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US bill aims to crack down on overseas tax cheats

US bill aims to crack down on overseas tax cheats

Key lawmakers unveiled a bill Tuesday aiming to crack down on wealthy U.S. tax dodgers hiding money overseas.
The bill would impose new reporting requirements on foreign financial institutions doing business in the U.S., and on American advisers who help U.S. residents make investments overseas. Foreign firms that don't comply would be hit with a 30 percent withholding tax on income from their U.S. assets.
The bill, which would raise an estimated $8.5 billion over the next 10 years, was introduced by the top Democrats on the tax-writing committees in the House and Senate.
"This bill offers foreign banks a simple choice _ if you wish to access our capital markets, you have to report on U.S. account holders," said Rep. Charles Rangel, a Democrat and chairman of the House Ways and Means Committee. The bill was also sponsored by Sen. Max Baucus, a Democrat and chairman of the Senate Finance Committee, among others. President Barack Obama praised the bill, which is similar to legislation he proposed this year.
Lawmakers have been working for years on proposals to stop tax cheats from hiding assets overseas. Sen. Carl Levin, a Democrat, who has worked on the issue, estimated the U.S. loses $100 billion a year in tax revenue because of international tax cheats.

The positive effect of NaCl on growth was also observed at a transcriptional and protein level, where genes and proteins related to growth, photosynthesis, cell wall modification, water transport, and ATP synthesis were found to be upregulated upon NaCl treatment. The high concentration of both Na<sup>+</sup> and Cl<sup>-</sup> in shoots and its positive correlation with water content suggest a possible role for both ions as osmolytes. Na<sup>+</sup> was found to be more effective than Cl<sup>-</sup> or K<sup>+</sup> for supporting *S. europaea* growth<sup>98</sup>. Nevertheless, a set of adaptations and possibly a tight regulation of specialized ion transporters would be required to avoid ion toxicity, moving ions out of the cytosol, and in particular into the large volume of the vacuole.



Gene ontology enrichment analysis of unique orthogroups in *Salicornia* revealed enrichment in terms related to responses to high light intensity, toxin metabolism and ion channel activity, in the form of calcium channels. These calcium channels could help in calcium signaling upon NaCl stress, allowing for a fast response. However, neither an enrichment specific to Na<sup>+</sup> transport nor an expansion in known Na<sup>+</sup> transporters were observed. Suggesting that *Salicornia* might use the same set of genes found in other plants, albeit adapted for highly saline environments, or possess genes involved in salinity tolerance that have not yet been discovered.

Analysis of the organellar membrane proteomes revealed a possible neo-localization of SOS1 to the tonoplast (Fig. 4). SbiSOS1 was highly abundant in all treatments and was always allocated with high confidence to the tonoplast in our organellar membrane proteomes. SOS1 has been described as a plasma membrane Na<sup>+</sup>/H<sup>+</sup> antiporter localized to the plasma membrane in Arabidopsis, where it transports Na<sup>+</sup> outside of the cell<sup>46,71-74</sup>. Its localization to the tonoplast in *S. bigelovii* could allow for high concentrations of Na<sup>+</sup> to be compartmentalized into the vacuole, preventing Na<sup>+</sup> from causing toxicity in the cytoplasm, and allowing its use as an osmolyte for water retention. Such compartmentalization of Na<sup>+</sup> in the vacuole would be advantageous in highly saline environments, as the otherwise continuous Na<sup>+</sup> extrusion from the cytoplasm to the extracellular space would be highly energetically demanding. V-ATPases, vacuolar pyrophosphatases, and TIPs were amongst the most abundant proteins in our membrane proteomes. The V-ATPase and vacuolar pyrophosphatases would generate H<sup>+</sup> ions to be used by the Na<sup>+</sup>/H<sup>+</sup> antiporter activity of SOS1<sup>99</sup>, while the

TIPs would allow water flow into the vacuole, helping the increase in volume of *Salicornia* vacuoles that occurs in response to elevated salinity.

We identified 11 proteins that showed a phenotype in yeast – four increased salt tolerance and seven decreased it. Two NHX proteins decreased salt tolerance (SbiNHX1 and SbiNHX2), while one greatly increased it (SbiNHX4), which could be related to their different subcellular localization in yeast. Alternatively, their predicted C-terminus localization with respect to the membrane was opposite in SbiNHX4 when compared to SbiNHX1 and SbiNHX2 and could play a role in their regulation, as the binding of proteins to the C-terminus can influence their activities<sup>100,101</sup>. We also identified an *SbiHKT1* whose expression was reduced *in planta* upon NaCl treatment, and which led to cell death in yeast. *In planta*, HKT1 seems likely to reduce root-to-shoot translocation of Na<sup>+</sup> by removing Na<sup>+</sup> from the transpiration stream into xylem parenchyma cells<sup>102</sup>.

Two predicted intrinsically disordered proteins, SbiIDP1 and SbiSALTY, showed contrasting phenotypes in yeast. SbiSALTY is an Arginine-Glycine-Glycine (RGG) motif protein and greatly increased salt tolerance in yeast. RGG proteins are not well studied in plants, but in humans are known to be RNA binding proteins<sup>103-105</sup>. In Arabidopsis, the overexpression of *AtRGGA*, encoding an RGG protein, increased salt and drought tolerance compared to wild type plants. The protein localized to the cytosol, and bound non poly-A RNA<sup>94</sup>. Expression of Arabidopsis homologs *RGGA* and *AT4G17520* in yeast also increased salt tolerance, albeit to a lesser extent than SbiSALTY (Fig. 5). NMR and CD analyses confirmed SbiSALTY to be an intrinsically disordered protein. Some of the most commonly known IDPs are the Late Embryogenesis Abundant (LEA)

Treasury Secretary Timothy Geithner said the bill adds to the administration's strategy of negotiating new agreements with other countries to share more financial information about U.S. account holders.
IRS Commissioner Doug Shulman said, "These efforts will give the IRS significant new tools to continue our expansion of international tax enforcement and make it even more difficult for U.S. citizens to avoid paying taxes by unlawfully hiding money overseas."
The Internal Revenue Service has been beefing up offices that track overseas investments, and Shulman recently announced that more than 7,500 people had come forward under an amnesty program that promised no jail time and reduced penalties for international tax cheats who turned themselves in.
Shulman is also setting up an IRS office to target wealthy tax cheats who use complex investment arrangements to hide money from the federal government. The Global High Wealth Industry group will focus on tax cheats with incomes or assets exceeding $10 million, Shulman said.


Updated : 2021-04-21 09:37 GMT+08:00